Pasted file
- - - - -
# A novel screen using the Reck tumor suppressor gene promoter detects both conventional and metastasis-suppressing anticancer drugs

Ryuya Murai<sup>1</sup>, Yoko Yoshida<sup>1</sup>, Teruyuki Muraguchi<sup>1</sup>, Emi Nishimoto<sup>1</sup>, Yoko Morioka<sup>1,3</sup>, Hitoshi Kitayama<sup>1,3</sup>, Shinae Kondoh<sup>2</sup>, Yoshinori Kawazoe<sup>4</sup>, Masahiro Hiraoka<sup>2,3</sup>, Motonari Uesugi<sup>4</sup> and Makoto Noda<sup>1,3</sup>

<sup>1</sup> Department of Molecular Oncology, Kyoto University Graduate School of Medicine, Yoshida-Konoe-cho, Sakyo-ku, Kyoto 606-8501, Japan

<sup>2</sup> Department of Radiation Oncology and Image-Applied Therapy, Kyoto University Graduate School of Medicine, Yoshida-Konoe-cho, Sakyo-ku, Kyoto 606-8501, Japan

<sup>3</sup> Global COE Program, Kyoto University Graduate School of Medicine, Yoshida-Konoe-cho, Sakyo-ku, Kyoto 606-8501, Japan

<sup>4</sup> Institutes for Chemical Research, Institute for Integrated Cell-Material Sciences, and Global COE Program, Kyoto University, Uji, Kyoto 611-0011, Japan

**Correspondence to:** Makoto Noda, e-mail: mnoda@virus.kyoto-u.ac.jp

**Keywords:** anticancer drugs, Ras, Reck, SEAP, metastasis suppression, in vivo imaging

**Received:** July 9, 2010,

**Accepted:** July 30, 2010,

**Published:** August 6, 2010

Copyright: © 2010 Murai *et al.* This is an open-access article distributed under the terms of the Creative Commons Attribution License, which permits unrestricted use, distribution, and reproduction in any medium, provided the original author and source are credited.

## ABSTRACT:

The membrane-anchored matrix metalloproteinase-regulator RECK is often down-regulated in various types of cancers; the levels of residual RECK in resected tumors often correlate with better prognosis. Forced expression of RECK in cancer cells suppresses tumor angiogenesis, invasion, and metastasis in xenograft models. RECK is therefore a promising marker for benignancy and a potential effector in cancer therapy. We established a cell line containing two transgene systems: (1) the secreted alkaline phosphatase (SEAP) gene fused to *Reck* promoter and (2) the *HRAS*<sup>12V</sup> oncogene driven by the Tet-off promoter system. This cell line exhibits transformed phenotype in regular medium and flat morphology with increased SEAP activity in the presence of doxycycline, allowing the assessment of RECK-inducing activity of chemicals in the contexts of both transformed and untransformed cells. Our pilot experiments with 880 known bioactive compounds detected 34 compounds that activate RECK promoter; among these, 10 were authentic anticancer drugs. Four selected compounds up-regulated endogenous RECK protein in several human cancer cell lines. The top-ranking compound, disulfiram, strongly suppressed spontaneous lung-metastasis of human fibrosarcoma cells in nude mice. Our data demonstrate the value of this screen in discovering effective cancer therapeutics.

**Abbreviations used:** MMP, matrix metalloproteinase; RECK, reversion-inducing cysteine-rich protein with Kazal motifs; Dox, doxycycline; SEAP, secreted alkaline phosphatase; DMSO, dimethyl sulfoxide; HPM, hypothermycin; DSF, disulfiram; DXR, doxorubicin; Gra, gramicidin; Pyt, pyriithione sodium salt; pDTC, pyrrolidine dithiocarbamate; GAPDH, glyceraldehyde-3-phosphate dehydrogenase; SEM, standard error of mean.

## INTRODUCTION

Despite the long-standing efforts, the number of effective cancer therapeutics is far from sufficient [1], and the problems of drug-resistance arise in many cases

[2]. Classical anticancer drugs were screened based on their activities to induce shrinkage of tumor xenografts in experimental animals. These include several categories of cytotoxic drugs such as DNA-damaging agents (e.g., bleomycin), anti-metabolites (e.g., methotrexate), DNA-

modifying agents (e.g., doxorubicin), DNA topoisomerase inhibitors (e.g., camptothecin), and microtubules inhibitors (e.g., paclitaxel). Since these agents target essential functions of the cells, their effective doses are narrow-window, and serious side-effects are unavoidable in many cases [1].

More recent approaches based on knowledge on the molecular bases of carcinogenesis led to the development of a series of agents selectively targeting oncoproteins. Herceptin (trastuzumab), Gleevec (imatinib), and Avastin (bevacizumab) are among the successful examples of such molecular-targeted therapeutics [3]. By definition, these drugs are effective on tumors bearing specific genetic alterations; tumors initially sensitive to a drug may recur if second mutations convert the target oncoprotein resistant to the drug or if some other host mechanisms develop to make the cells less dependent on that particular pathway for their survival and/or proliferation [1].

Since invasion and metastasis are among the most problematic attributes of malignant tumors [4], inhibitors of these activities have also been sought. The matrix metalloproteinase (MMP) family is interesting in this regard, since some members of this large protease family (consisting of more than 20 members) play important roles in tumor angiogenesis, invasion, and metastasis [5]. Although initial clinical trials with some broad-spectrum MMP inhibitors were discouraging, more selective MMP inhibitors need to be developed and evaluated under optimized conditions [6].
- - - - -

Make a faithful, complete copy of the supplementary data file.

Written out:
# A novel screen using the Reck tumor suppressor gene promoter detects both conventional and metastasis-suppressing anticancer drugs

Ryuya Murai<sup>1</sup>, Yoko Yoshida<sup>1</sup>, Teruyuki Muraguchi<sup>1</sup>, Emi Nishimoto<sup>1</sup>, Yoko Morioka<sup>1,3</sup>, Hitoshi Kitayama<sup>1,3</sup>, Shinae Kondoh<sup>2</sup>, Yoshinori Kawazoe<sup>4</sup>, Masahiro Hiraoka<sup>2,3</sup>, Motonari Uesugi<sup>4</sup> and Makoto Noda<sup>1,3</sup>

<sup>1</sup> Department of Molecular Oncology, Kyoto University Graduate School of Medicine, Yoshida-Konoe-cho, Sakyo-ku, Kyoto 606-8501, Japan

<sup>2</sup> Department of Radiation Oncology and Image-Applied Therapy, Kyoto University Graduate School of Medicine, Yoshida-Konoe-cho, Sakyo-ku, Kyoto 606-8501, Japan

<sup>3</sup> Global COE Program, Kyoto University Graduate School of Medicine, Yoshida-Konoe-cho, Sakyo-ku, Kyoto 606-8501, Japan

<sup>4</sup> Institutes for Chemical Research, Institute for Integrated Cell-Material Sciences, and Global COE Program, Kyoto University, Uji, Kyoto 611-0011, Japan

**Correspondence to:** Makoto Noda, e-mail: mnoda@virus.kyoto-u.ac.jp

**Keywords:** anticancer drugs, Ras, Reck, SEAP, metastasis suppression, in vivo imaging

**Received:** July 9, 2010,

**Accepted:** July 30, 2010,

**Published:** August 6, 2010

Copyright: © 2010 Murai *et al.* This is an open-access article distributed under the terms of the Creative Commons Attribution License, which permits unrestricted use, distribution, and reproduction in any medium, provided the original author and source are credited.

## ABSTRACT:

The membrane-anchored matrix metalloproteinase-regulator RECK is often down-regulated in various types of cancers; the levels of residual RECK in resected tumors often correlate with better prognosis. Forced expression of RECK in cancer cells suppresses tumor angiogenesis, invasion, and metastasis in xenograft models. RECK is therefore a promising marker for benignancy and a potential effector in cancer therapy. We established a cell line containing two transgene systems: (1) the secreted alkaline phosphatase (SEAP) gene fused to *Reck* promoter and (2) the *HRAS*<sup>12V</sup> oncogene driven by the Tet-off promoter system. This cell line exhibits transformed phenotype in regular medium and flat morphology with increased SEAP activity in the presence of doxycycline, allowing the assessment of RECK-inducing activity of chemicals in the contexts of both transformed and untransformed cells. Our pilot experiments with 880 known bioactive compounds detected 34 compounds that activate RECK promoter; among these, 10 were authentic anticancer drugs. Four selected compounds up-regulated endogenous RECK protein in several human cancer cell lines. The top-ranking compound, disulfiram, strongly suppressed spontaneous lung-metastasis of human fibrosarcoma cells in nude mice. Our data demonstrate the value of this screen in discovering effective cancer therapeutics.

**Abbreviations used:** MMP, matrix metalloproteinase; RECK, reversion-inducing cysteine-rich protein with Kazal motifs; Dox, doxycycline; SEAP, secreted alkaline phosphatase; DMSO, dimethyl sulfoxide; HPM, hypothermycin; DSF, disulfiram; DXR, doxorubicin; Gra, gramicidin; Pyt, pyriithione sodium salt; pDTC, pyrrolidine dithiocarbamate; GAPDH, glyceraldehyde-3-phosphate dehydrogenase; SEM, standard error of mean.

## INTRODUCTION

Despite the long-standing efforts, the number of effective cancer therapeutics is far from sufficient [1], and the problems of drug-resistance arise in many cases

[2]. Classical anticancer drugs were screened based on their activities to induce shrinkage of tumor xenografts in experimental animals. These include several categories of cytotoxic drugs such as DNA-damaging agents (e.g., bleomycin), anti-metabolites (e.g., methotrexate), DNA-

modifying agents (e.g., doxorubicin), DNA topoisomerase inhibitors (e.g., camptothecin), and microtubules inhibitors (e.g., paclitaxel). Since these agents target essential functions of the cells, their effective doses are narrow-window, and serious side-effects are unavoidable in many cases [1].

More recent approaches based on knowledge on the molecular bases of carcinogenesis led to the development of a series of agents selectively targeting oncoproteins. Herceptin (trastuzumab), Gleevec (imatinib), and Avastin (bevacizumab) are among the successful examples of such molecular-targeted therapeutics [3]. By definition, these drugs are effective on tumors bearing specific genetic alterations; tumors initially sensitive to a drug may recur if second mutations convert the target oncoprotein resistant to the drug or if some other host mechanisms develop to make the cells less dependent on that particular pathway for their survival and/or proliferation [1].

Since invasion and metastasis are among the most problematic attributes of malignant tumors [4], inhibitors of these activities have also been sought. The matrix metalloproteinase (MMP) family is interesting in this regard, since some members of this large protease family (consisting of more than 20 members) play important roles in tumor angiogenesis, invasion, and metastasis [5]. Although initial clinical trials with some broad-spectrum MMP inhibitors were discouraging, more selective MMP inhibitors need to be developed and evaluated under optimized conditions [6].